Flower Friday: Pricklypear cactus is just bristling with personality.

Pricklypear flower. Photo by Stacey Matrazzo.
Pricklypear cactus (Opuntia humifusa)

Pricklypear cactus is an erect to sprawling perennial succulent. Its blooms are large with bright yellow petals, sepals and stamens. Petals and sepals are often indistinguishable, and may have a waxy feel. Flowers occur singularly or in clusters. Leaves are absent, replaced by flattened cladodes, commonly referred to as “pads.” The cladodes are segmented, fleshy and armed with two types of barbed bristles: long, fixed spines, and small glochids or hairlike bristles (see caution below). Flowers are born on the margins of mature cladodes. The pear-shaped fruit is hard and green; it softens and turns a bright purplish-pink as it matures. It is also covered in fine bristles.

Long, fixed barbed spines. Photo by Stacey Matrazzo.
Pricklypear cactus occurs naturally in scrub, scrubby flatwoods, sandhills, coastal strands, ruderal sites and dry, open areas. It flowers in late spring and attracts a wide range of pollinators, especially native bees. The fleshy fruits and seeds are eaten by birds, small mammals and gopher tortoises (who also enjoy browsing the pads).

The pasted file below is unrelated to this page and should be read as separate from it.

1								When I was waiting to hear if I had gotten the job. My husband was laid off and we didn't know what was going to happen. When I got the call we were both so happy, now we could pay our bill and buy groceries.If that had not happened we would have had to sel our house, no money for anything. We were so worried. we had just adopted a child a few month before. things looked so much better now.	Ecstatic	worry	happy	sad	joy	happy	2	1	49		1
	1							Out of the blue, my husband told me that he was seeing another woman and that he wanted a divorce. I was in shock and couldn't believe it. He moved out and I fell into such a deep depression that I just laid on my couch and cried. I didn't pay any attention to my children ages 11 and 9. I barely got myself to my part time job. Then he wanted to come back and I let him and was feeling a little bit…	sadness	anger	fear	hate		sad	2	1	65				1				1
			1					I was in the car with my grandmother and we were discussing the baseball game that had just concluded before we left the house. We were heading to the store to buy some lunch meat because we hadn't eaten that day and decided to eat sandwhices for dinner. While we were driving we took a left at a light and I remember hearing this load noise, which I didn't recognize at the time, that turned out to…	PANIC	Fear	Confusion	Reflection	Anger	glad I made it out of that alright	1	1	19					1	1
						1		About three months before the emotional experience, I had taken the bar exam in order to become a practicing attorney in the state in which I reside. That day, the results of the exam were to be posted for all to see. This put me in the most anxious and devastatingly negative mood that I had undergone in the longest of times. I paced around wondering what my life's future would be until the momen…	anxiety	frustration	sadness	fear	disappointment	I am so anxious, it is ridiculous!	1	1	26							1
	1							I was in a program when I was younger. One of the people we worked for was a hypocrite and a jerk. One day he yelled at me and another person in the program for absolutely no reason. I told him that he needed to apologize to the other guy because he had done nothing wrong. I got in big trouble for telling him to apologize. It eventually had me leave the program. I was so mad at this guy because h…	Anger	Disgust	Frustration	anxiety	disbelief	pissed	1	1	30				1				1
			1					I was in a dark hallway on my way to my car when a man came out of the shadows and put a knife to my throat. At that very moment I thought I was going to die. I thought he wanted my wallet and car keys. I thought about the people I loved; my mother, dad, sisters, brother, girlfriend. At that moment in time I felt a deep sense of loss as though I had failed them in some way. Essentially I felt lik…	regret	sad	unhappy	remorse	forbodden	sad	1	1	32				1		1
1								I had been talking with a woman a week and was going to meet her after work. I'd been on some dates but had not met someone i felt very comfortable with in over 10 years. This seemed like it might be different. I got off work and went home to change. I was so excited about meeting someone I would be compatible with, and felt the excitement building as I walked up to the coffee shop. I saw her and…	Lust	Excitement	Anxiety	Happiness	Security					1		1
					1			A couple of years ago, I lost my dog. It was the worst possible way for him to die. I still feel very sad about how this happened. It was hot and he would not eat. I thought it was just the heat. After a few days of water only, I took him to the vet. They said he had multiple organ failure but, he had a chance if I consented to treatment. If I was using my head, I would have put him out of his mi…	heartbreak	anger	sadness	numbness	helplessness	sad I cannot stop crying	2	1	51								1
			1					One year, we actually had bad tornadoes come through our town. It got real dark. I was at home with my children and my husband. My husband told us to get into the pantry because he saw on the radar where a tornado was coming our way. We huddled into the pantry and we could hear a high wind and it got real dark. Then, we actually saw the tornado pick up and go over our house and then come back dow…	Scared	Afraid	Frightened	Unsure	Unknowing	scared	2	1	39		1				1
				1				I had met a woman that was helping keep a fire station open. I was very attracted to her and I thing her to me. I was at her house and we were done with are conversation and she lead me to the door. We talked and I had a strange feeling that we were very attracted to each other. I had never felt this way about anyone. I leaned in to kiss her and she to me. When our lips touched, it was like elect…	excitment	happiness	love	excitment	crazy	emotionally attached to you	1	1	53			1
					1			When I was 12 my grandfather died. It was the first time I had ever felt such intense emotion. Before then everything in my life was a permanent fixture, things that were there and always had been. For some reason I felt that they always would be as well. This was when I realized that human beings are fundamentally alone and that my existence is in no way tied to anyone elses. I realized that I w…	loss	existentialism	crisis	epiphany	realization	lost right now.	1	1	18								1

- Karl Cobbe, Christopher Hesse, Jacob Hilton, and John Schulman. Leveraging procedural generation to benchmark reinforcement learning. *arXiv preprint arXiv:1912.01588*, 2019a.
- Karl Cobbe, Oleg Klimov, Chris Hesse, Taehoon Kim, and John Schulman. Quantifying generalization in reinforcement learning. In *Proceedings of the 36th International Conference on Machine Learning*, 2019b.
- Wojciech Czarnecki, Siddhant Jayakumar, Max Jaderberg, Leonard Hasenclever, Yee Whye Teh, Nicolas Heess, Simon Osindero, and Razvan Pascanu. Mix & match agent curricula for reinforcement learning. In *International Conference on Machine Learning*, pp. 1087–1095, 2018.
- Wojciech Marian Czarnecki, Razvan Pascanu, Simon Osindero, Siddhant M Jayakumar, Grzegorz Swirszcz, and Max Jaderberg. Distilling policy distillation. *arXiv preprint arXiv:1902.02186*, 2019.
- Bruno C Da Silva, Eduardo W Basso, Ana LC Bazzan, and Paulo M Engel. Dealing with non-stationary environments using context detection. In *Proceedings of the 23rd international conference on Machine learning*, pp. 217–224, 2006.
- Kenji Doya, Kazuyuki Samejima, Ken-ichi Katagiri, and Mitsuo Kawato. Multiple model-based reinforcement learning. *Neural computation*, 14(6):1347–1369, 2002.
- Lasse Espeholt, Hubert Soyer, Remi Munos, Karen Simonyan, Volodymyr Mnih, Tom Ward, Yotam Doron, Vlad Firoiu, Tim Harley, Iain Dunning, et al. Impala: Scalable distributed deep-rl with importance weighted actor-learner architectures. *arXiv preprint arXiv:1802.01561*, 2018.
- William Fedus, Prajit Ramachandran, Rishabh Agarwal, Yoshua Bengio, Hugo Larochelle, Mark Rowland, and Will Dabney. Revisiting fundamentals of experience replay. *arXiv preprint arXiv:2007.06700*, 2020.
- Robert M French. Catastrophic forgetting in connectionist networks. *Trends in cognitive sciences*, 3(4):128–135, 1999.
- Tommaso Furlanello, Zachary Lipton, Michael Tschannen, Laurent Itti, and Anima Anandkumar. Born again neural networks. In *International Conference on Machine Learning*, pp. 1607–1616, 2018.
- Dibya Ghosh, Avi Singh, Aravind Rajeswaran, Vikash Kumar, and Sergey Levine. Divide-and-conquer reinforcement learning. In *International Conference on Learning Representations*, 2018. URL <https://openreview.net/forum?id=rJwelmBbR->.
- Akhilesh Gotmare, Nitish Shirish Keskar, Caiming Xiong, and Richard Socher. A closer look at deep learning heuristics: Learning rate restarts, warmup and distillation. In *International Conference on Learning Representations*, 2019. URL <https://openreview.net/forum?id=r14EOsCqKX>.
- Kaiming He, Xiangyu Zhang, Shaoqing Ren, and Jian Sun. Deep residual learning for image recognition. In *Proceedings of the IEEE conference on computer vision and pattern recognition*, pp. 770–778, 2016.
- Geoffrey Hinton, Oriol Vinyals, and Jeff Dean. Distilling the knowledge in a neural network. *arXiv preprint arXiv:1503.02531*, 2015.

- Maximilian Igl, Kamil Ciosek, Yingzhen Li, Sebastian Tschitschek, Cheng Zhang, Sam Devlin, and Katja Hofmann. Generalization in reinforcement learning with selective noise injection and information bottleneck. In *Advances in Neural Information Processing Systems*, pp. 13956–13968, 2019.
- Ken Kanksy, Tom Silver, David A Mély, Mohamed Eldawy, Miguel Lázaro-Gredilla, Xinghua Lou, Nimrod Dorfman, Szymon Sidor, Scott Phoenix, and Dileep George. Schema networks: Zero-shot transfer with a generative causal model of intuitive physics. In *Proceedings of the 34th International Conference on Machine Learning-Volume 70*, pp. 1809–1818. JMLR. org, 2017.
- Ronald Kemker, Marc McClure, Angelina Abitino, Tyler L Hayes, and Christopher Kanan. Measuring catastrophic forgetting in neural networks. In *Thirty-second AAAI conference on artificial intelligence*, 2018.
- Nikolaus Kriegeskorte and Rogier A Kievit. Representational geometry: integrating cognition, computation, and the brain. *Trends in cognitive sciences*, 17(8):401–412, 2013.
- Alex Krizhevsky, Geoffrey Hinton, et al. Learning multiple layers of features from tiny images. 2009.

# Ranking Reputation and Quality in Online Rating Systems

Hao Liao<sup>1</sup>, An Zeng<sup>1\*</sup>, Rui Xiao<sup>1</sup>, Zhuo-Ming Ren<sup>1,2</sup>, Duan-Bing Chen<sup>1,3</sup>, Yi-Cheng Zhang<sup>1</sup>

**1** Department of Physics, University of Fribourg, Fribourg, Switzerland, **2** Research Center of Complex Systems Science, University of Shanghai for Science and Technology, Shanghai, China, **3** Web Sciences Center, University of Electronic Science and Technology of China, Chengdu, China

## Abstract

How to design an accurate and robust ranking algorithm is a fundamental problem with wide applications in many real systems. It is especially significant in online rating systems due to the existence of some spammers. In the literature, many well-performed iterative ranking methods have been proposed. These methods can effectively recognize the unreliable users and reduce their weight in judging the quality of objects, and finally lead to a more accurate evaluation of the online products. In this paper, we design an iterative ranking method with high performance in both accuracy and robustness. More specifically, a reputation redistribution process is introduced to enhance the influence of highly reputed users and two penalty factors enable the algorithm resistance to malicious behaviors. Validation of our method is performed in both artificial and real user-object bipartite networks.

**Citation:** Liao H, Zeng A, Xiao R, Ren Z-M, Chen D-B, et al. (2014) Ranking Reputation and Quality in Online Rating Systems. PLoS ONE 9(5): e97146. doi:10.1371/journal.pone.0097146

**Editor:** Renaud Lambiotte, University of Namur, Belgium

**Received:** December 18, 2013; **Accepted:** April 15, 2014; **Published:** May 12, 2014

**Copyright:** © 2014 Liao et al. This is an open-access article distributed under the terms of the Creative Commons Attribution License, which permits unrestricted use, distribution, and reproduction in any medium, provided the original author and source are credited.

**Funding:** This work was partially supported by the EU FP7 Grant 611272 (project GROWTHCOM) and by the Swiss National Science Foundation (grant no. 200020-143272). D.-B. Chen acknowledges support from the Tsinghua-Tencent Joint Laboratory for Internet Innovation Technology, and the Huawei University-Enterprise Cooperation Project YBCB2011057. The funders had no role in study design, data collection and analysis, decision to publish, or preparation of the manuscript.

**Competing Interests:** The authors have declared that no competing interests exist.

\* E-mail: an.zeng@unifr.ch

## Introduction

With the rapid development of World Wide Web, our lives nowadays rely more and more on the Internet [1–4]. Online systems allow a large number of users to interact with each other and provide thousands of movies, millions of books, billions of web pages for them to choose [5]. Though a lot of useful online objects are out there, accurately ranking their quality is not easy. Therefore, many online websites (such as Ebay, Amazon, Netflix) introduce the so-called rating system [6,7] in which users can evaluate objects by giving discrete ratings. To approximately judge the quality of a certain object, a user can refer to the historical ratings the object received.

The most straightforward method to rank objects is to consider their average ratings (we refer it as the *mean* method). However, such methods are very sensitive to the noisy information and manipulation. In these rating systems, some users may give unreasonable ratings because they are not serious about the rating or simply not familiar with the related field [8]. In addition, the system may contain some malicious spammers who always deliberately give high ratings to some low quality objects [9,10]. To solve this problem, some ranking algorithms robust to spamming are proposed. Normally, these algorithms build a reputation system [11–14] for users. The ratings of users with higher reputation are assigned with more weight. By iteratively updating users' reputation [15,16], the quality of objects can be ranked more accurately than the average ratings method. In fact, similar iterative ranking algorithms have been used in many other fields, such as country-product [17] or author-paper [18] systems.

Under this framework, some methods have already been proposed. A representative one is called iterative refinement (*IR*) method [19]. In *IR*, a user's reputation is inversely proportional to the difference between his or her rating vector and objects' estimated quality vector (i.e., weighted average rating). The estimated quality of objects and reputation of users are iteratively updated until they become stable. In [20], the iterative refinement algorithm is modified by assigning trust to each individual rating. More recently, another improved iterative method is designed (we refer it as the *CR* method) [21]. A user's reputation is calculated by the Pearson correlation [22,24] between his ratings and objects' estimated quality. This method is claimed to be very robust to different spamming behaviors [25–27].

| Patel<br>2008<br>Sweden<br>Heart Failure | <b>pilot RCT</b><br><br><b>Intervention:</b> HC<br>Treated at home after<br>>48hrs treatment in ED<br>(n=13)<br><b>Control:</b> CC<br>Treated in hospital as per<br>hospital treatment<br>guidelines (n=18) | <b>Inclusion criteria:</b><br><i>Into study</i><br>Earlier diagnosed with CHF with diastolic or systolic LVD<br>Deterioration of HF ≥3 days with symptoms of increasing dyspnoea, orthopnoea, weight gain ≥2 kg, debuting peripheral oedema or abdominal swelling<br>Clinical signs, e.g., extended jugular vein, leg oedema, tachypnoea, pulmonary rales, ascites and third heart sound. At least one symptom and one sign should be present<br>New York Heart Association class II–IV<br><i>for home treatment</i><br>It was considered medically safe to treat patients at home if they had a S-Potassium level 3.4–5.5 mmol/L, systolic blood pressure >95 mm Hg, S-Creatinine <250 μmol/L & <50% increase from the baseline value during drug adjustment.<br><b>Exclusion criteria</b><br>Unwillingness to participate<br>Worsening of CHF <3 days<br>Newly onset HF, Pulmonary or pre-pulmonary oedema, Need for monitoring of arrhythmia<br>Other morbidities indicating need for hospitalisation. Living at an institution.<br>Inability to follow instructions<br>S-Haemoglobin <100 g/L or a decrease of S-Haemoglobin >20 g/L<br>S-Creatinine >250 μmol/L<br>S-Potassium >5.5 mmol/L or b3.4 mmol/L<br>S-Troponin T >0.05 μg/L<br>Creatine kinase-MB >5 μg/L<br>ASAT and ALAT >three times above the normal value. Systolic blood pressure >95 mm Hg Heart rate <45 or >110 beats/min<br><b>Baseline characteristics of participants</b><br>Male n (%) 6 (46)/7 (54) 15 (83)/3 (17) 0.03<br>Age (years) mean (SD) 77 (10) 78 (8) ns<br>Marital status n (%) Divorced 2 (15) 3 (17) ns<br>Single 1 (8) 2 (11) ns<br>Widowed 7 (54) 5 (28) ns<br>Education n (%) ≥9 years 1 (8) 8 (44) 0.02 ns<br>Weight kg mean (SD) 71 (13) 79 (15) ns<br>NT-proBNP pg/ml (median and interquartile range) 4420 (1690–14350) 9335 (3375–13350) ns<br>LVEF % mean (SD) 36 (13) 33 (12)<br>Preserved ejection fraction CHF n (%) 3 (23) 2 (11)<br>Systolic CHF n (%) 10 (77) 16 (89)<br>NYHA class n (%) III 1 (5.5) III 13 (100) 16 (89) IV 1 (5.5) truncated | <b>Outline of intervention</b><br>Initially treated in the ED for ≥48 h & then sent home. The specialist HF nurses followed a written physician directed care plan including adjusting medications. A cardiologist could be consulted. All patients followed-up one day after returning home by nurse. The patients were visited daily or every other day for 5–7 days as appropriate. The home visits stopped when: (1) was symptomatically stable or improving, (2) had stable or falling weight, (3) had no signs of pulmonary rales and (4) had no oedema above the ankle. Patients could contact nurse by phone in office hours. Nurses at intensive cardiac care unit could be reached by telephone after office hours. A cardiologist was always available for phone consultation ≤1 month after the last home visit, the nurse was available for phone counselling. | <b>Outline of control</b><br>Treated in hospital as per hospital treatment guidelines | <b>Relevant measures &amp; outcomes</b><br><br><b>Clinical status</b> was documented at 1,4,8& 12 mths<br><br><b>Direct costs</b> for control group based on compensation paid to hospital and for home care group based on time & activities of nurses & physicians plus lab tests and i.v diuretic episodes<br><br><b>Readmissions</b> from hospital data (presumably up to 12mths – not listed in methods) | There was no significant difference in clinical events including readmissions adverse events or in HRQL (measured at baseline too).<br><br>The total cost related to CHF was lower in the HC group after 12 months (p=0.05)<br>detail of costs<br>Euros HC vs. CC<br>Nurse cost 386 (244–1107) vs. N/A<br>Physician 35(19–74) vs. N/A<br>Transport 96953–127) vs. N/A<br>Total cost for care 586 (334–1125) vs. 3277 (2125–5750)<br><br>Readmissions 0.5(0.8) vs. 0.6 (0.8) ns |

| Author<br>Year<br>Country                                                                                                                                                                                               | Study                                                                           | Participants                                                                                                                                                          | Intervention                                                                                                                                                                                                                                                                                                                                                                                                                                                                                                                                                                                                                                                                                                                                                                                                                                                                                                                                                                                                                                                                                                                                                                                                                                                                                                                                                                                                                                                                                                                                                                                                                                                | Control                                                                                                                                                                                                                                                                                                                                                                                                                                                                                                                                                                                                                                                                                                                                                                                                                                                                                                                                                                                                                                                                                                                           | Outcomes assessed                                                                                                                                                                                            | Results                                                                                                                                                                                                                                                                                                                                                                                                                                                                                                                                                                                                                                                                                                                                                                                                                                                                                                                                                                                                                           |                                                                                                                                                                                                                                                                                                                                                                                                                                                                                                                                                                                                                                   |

Pricklypear cactus fruits and young pads are edible to humans once they have been carefully de-bristled. The ripe fruits can be eaten raw or used to make juice, jam or syrup. The pads or nopales can be sautéed or grilled.

Caution: Long spines and glochids will easily penetrate skin and can be very painful to remove. The glochids can cause skin irritation upon contact. Handle with care. For more information on handling and preparing pricklypear, visit www.wildflower.org


Mature pricklypear fruits. Photo by Mary Keim.
Family
: Cactaceae (Cactus family)
Native range: Nearly throughout Florida
To see where natural populations of pricklypear cactus have been vouchered, visit www.florida.plantatlas.usf.edu.
Hardiness: 8-11
Soil: Dry, well-drained sandy soil
Exposure: Full sun
Growth habit: 1-3’+ tall, usually wider than tall
Propagation: Seeds, cuttings/fragments